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3. Going public - Allowing others to browse and search your pages

3.1. Publishing your pages onto the web

3.1.1. Publishing your pages onto the web

The final step is to place your page onto a web server , so that it can be browsed from anywhere on the internet, and so that the pages can be searched by search engines.

3.1.2. Your web server, user name and password

For this tutorial, you will be able to publish your project pages onto a web server located at AustLII. Its address is '', and it is also called ‘sandpit’.
Your username is surname
Your password is [as instructed in class]

3.1.3. Setting the publishing defaults

If you are publishing your pages from a computer that is used only be you, then you should set up publishing defaults so that your files will always be published to your correct directory on sandpit.
In Netscape Composer the selection [Edit | Preferences | Composer | Publishing] "Publish to (FTP or HTML)' box should be set to read
You should also complete the 'User Name' and 'Password' boxes below with your details, then OK to complete. Do not include these details on a computer which is used by others - just enter them every time you intend to publish new pages.

3.1.4. Publishing your pages to the web server

To publish the page you have created to your directory on sandpit, select the publish icon to open the 'Publish Files' window. Click on 'Use Default Location'. All of your details should appear. If they do not, complete or correct the boxes under 'Publishing location' manually. You must include your username and password. OK to complete. A message will appear to inform you whether or not you have successfully published your page to the sandpit server.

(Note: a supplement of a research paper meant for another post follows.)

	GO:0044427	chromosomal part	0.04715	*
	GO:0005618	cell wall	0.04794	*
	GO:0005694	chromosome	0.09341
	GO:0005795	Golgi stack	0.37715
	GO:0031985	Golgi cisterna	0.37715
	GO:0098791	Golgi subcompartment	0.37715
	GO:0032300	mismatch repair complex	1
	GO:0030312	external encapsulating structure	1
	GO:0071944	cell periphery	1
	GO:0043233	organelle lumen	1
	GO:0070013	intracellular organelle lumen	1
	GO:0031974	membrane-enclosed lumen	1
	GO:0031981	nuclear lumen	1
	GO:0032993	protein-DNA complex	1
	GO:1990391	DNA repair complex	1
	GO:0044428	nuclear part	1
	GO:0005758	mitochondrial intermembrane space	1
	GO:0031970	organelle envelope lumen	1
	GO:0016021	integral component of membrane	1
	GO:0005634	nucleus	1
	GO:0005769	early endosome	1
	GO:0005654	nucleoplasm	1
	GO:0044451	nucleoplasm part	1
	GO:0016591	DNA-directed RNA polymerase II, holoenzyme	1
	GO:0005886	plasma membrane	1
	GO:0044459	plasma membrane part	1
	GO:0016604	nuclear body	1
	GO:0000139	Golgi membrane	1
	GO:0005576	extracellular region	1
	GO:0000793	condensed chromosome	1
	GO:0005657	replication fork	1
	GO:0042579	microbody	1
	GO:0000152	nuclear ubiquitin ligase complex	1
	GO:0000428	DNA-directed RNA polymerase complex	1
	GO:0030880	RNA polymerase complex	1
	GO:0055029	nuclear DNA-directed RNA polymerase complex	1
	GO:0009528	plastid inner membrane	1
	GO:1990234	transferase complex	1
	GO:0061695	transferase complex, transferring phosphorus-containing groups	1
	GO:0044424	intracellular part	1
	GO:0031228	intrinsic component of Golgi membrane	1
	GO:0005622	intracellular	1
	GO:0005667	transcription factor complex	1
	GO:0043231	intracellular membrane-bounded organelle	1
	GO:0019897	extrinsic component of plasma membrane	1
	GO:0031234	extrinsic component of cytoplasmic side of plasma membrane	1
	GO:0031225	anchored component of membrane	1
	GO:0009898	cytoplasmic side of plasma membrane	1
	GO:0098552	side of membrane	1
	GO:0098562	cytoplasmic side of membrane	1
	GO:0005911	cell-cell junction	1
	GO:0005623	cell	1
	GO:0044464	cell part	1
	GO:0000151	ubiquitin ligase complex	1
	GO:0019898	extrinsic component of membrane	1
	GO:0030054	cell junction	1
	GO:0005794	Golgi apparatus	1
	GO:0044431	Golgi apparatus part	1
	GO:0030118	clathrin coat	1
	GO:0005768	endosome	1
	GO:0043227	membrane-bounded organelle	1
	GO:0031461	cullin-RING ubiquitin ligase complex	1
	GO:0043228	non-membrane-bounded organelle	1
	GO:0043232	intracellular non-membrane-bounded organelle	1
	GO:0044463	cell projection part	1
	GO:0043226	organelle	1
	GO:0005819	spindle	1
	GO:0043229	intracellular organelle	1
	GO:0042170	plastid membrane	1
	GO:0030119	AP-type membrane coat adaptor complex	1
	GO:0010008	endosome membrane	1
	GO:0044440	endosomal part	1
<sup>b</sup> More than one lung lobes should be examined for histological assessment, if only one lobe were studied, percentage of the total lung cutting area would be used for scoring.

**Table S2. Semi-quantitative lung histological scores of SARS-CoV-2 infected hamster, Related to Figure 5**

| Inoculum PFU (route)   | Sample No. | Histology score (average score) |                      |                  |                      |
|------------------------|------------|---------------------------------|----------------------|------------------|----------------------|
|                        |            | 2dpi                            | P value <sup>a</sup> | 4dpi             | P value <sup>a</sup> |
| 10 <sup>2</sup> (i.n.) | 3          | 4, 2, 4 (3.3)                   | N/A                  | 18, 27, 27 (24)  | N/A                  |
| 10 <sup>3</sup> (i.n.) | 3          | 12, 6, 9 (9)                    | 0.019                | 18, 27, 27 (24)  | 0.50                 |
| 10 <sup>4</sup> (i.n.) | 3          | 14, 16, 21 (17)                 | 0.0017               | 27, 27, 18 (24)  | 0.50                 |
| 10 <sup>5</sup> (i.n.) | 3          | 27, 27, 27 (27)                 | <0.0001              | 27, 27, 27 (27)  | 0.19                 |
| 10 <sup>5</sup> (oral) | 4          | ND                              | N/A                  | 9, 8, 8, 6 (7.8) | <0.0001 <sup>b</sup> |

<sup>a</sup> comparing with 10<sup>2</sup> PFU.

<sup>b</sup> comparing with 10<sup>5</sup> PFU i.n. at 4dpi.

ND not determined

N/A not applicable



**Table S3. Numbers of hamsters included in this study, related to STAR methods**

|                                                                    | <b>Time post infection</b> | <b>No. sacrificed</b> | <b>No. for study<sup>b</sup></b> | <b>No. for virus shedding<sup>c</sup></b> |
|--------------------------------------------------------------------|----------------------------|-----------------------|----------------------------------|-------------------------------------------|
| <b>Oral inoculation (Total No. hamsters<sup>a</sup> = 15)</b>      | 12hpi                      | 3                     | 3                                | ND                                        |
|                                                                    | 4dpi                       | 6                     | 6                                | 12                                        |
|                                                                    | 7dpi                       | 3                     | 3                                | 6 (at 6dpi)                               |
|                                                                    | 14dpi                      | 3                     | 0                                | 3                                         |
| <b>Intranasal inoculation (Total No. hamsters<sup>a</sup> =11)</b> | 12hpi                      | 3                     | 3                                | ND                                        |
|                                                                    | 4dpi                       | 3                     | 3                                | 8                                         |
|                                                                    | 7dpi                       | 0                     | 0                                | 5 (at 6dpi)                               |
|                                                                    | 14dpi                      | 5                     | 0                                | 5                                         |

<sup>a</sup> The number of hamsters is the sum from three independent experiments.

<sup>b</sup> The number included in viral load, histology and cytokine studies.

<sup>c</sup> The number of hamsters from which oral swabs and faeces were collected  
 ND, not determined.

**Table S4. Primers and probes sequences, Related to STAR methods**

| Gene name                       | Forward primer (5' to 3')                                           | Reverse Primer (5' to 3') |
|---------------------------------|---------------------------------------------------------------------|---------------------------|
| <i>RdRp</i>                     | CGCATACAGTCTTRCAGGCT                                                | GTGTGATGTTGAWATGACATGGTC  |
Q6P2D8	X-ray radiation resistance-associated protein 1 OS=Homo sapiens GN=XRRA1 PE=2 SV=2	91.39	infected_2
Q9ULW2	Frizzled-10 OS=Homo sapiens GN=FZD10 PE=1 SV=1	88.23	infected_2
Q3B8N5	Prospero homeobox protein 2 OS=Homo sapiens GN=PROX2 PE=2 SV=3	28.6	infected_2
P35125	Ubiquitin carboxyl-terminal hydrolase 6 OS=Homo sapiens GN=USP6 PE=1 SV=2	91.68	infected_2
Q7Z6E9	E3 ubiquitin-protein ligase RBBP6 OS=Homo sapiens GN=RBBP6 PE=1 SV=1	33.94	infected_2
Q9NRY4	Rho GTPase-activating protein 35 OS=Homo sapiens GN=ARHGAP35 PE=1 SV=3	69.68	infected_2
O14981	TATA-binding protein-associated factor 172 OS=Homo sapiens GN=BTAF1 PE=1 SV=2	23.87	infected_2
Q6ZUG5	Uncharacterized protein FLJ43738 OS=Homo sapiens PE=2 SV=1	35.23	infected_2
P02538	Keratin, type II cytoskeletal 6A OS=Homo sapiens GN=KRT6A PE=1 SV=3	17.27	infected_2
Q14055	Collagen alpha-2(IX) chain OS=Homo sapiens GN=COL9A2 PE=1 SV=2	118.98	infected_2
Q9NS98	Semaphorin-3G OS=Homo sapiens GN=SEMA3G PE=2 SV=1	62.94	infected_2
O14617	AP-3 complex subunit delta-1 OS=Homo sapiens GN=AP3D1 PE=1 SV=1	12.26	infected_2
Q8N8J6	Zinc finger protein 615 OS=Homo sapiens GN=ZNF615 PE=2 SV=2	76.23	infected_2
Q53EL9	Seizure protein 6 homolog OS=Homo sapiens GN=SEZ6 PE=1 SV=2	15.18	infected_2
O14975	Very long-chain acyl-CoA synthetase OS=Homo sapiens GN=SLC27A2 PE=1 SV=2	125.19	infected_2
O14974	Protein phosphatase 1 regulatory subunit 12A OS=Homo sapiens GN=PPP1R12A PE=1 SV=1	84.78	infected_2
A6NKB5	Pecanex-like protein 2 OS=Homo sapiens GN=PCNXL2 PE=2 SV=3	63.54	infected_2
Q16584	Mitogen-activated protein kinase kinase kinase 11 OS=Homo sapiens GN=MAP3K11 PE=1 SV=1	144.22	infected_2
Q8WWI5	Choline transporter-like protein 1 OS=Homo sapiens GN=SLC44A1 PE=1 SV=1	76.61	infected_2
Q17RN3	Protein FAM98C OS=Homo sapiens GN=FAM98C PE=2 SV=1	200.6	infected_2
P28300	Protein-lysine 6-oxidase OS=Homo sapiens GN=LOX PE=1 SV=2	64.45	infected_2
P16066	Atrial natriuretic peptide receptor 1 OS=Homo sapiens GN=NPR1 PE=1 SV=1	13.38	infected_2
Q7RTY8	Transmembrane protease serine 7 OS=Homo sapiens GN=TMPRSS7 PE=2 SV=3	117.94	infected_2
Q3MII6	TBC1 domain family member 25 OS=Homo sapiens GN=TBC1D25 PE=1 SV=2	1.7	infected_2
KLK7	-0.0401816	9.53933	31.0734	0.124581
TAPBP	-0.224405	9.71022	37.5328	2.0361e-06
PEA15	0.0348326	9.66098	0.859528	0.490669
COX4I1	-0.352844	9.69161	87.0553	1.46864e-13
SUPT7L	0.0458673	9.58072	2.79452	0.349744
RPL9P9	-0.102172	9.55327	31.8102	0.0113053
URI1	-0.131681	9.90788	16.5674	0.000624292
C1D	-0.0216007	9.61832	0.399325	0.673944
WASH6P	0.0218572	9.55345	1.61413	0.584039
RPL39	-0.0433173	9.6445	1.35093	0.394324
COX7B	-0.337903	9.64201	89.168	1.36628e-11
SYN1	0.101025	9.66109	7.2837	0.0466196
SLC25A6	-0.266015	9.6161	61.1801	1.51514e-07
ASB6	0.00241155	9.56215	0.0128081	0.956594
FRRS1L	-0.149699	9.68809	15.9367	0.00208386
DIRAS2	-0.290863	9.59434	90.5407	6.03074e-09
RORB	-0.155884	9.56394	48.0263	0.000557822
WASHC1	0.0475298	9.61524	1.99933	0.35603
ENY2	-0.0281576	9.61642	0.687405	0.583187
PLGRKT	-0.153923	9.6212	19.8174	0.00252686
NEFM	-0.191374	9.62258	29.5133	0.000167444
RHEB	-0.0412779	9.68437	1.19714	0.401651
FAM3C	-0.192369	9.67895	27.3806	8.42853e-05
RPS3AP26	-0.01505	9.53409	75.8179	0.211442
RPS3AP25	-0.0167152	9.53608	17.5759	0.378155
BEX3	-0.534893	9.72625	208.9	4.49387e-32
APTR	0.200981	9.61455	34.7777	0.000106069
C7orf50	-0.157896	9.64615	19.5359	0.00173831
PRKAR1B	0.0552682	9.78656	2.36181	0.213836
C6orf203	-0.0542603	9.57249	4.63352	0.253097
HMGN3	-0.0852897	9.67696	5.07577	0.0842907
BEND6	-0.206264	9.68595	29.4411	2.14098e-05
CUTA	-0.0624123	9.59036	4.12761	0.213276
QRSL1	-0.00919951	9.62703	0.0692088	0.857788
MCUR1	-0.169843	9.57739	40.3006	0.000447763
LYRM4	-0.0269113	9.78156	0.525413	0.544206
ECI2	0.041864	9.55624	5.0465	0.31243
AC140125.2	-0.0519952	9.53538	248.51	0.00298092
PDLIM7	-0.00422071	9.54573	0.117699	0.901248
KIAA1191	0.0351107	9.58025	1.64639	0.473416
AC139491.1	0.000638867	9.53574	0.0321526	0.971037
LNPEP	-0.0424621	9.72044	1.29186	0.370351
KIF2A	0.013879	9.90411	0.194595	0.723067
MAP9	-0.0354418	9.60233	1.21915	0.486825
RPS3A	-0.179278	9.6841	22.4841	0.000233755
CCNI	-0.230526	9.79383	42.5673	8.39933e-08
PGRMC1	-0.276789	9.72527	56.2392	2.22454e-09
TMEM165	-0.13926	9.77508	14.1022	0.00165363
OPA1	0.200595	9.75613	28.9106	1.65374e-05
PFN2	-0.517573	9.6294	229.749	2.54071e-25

3.1.5. Testing your web page

Now use the browser to check that you have successfully published your page on the web. Save the location as a bookmark.
If you published a pages as:
then you browse the page as:

How to prevent pages being browsed (the index.html page) - for information only

It is possible to see what files are contained in someone's /public_html/ directory, or any sub-directories contained therein, even if there are no links to those pages from other pages.
For example, if you browse to my /public_html/ directory on sandpit,

you would see the following automatically generated index, which allows access to all pages currently in my /public_html/ directory:

The proper way to stop this happening is to place a page called 'index.html' (or 'index.htm') in each directory or sub-directory. Each 'index.html' page should only contain links to those pages which you wish to allow to be browsed. The 'index.html' page stops an automatic index being generated.

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